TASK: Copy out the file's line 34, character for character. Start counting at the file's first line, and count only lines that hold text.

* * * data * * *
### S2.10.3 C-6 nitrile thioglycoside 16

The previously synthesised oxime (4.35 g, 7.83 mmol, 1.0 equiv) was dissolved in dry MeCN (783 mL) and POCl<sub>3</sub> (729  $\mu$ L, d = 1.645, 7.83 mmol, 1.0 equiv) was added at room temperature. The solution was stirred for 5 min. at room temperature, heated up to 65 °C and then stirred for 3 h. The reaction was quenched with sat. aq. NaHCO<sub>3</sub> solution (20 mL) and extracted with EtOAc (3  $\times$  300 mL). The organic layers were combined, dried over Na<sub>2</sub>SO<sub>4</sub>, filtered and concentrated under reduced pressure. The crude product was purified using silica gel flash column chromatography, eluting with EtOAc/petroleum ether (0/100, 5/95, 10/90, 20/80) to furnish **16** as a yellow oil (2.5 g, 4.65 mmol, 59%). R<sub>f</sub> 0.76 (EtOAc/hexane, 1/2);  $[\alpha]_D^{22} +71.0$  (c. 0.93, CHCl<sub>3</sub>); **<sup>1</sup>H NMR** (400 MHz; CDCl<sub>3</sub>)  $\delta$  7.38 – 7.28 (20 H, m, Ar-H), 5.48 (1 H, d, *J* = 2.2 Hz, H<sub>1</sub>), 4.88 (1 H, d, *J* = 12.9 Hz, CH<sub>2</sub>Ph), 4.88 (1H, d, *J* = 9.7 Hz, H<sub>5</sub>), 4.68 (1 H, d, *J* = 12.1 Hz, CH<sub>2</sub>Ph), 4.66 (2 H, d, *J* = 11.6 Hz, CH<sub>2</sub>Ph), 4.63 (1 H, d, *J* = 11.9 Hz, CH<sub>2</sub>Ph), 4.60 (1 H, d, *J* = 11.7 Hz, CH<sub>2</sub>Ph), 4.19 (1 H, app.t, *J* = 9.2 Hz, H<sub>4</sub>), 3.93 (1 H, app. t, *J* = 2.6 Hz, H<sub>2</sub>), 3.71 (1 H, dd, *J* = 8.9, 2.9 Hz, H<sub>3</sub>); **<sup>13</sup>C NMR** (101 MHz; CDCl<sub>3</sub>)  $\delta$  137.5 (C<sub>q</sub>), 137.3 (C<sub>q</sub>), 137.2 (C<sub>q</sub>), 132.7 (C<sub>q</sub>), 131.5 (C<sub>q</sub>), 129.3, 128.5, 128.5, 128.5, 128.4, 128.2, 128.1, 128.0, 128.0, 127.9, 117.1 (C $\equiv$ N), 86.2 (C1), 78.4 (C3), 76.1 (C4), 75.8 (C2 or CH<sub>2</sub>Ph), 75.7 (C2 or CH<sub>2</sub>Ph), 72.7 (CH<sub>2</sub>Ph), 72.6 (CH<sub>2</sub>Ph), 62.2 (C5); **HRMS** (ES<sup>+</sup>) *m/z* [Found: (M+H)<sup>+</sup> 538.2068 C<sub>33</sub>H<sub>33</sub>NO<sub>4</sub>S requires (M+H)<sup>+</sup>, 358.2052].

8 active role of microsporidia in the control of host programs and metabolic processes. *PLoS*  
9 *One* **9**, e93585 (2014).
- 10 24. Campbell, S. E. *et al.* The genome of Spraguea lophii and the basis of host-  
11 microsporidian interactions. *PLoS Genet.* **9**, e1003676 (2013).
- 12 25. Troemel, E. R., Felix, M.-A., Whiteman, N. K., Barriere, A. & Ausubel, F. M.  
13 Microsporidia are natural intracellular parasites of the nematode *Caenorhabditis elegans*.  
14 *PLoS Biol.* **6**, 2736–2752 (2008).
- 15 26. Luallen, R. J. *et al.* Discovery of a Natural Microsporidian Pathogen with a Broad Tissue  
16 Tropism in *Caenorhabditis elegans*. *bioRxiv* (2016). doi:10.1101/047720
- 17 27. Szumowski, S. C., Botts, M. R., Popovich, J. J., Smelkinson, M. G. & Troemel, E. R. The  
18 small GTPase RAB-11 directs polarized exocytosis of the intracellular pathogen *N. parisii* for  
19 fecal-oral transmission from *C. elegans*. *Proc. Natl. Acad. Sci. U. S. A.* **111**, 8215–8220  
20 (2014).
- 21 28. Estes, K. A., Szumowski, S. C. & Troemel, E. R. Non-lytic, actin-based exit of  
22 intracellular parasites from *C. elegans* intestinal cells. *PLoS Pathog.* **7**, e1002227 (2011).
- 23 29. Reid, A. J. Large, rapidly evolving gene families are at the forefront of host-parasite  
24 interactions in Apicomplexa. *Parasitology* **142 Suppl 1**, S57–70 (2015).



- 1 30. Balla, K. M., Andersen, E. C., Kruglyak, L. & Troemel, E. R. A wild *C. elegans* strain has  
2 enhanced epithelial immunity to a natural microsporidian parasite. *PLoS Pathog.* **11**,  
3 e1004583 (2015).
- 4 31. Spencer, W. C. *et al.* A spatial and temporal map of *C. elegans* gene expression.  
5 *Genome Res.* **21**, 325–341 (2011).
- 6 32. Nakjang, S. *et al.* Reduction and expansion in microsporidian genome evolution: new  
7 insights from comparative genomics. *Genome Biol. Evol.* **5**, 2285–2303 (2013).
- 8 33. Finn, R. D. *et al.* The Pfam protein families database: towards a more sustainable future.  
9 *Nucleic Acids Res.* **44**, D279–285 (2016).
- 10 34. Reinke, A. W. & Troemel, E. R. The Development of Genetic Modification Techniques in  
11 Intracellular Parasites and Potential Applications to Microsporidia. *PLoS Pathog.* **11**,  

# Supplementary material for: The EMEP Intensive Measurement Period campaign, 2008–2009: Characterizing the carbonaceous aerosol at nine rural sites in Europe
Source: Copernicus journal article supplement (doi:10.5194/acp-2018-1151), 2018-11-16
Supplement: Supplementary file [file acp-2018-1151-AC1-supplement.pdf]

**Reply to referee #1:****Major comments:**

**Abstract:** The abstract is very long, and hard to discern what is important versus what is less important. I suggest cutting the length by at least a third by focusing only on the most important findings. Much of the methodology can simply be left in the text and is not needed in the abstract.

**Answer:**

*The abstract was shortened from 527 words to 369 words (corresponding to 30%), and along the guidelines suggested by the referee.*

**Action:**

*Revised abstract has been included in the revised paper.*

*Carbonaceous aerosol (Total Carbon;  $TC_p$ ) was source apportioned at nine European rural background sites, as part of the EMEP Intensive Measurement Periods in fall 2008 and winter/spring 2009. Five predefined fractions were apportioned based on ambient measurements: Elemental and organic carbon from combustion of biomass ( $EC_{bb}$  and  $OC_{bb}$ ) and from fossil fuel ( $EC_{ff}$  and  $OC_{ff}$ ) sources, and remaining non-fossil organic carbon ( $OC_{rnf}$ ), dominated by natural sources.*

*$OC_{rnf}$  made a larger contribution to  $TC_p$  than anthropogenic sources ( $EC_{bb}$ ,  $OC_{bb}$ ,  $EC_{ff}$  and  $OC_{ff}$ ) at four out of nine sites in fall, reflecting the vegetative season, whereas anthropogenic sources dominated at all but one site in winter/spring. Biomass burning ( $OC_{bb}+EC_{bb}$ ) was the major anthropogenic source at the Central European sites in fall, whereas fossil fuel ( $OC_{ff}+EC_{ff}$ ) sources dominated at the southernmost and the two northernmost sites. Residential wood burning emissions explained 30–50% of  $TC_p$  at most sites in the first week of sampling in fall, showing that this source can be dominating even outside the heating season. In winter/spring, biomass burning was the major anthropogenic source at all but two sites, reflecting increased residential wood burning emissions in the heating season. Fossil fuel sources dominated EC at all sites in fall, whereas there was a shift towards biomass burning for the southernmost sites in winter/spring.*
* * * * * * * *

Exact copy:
**Reply to referee #1:****Major comments:**